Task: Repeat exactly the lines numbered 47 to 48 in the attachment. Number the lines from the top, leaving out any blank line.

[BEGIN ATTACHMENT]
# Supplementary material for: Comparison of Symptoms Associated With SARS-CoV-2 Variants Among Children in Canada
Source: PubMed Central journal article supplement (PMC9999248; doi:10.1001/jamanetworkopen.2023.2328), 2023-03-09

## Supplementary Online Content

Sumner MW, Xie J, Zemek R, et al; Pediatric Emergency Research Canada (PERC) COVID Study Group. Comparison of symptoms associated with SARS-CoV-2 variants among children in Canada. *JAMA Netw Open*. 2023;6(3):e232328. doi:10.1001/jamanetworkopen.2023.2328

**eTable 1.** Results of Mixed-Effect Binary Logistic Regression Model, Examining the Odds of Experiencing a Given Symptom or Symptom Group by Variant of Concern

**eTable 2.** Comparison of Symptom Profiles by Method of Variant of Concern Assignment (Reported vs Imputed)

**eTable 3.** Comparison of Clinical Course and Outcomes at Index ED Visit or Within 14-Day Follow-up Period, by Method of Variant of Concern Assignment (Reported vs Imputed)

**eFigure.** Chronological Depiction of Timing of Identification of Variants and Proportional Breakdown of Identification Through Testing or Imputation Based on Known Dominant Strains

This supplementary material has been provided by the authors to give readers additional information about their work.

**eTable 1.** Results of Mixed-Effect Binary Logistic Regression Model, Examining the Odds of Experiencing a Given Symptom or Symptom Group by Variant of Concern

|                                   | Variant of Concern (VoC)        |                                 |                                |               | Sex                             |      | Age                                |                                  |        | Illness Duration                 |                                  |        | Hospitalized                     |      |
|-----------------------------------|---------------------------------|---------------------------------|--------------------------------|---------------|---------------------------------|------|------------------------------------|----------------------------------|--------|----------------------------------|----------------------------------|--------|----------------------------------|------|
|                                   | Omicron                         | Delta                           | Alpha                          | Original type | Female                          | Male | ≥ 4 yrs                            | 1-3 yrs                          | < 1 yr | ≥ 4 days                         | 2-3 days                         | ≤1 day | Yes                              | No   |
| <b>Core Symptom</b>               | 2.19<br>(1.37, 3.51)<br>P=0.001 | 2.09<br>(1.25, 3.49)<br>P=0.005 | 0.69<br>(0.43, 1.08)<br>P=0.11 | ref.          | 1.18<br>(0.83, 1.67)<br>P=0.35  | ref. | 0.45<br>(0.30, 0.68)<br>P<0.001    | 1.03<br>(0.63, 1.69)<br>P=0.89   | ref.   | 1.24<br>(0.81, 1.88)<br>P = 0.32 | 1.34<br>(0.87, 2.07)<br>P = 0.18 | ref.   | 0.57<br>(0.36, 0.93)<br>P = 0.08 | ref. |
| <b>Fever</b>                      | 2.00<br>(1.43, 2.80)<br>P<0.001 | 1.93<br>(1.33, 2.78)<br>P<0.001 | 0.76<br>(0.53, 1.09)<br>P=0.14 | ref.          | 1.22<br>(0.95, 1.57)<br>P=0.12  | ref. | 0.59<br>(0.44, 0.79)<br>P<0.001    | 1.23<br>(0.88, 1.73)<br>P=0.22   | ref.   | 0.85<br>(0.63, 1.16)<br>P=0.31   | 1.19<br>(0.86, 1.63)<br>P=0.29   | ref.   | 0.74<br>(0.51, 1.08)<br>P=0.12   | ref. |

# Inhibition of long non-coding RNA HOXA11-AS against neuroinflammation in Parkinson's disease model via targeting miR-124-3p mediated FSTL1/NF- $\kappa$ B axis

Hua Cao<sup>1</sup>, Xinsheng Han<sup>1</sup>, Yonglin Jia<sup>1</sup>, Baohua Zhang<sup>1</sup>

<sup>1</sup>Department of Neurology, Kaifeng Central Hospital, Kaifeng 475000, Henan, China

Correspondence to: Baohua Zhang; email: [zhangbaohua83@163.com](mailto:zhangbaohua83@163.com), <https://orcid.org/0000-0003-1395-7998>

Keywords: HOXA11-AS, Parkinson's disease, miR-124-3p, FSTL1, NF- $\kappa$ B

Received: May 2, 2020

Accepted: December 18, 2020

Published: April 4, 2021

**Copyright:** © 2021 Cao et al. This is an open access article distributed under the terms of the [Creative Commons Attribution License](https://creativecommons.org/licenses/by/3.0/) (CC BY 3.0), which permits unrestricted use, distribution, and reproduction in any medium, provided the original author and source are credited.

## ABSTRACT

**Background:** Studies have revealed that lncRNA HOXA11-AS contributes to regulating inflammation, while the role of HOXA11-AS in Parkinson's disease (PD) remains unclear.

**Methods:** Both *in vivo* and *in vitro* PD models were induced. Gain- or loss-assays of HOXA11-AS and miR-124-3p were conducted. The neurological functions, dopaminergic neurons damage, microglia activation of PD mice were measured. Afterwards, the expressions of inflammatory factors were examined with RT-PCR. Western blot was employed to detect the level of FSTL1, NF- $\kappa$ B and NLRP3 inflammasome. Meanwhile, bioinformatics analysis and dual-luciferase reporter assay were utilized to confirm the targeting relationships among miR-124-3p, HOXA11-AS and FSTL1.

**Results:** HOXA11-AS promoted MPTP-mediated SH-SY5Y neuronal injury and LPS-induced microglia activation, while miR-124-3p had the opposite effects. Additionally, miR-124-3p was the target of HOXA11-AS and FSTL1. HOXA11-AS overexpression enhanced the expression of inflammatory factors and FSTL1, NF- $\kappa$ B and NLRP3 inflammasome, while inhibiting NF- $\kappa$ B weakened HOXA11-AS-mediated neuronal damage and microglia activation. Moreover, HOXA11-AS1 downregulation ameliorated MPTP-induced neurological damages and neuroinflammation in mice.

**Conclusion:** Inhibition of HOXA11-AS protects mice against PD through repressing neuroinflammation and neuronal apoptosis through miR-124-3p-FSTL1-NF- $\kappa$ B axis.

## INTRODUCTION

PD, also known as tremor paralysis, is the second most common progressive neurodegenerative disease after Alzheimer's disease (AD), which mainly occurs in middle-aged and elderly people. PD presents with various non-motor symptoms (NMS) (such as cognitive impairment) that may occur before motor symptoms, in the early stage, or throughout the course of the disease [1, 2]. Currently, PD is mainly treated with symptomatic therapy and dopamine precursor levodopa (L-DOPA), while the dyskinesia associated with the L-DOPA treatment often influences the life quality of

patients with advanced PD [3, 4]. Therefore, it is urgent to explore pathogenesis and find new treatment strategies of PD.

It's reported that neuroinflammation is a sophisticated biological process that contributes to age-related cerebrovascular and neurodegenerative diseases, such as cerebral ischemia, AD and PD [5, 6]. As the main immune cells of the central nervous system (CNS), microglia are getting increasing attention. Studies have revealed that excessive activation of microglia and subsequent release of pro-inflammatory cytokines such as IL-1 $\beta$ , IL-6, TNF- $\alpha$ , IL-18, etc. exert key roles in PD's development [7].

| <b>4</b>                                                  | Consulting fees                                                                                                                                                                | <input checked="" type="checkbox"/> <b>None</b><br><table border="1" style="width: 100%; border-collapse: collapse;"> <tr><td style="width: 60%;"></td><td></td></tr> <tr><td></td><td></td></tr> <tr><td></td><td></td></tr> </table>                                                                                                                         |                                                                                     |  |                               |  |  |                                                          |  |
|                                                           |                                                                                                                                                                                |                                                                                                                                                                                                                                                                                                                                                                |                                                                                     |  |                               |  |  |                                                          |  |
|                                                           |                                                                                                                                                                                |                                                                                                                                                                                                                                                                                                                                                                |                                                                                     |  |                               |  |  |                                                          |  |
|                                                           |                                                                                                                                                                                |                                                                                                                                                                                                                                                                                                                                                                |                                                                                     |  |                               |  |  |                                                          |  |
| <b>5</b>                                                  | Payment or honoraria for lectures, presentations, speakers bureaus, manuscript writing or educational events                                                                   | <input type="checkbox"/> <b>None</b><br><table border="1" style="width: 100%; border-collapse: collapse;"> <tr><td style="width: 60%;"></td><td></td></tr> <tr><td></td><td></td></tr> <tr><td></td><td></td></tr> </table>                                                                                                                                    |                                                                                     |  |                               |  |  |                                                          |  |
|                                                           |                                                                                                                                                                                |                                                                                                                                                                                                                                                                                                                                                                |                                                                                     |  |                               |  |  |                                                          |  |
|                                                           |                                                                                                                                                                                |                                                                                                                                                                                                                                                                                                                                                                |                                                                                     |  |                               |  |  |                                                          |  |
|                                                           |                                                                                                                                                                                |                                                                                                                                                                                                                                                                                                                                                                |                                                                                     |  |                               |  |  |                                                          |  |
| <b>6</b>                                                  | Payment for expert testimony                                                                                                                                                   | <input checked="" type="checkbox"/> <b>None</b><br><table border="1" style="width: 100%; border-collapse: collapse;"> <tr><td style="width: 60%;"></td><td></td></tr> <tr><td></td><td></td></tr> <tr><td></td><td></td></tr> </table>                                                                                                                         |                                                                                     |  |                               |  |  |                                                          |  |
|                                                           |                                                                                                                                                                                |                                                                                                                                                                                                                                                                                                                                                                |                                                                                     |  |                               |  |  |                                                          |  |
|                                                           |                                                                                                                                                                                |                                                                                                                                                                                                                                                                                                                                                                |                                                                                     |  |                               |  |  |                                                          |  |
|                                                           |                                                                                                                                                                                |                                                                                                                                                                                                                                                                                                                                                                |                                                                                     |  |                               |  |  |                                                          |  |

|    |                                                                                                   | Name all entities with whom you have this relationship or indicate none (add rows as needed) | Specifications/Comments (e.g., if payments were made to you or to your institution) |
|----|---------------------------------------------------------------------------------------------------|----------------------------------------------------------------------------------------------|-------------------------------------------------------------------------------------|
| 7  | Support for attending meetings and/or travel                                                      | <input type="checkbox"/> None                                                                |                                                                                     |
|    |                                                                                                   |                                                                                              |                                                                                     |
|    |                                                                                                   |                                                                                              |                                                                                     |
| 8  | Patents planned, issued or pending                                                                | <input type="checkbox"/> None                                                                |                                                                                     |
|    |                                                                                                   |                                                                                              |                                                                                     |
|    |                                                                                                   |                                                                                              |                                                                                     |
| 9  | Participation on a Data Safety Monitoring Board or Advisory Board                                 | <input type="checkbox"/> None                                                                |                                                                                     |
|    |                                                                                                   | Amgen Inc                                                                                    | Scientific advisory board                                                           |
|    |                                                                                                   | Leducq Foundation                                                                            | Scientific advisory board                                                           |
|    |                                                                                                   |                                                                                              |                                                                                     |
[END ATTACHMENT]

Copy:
|----|---------------------------------------------------------------------------------------------------|----------------------------------------------------------------------------------------------|-------------------------------------------------------------------------------------|
| 7  | Support for attending meetings and/or travel                                                      | <input type="checkbox"/> None                                                                |                                                                                     |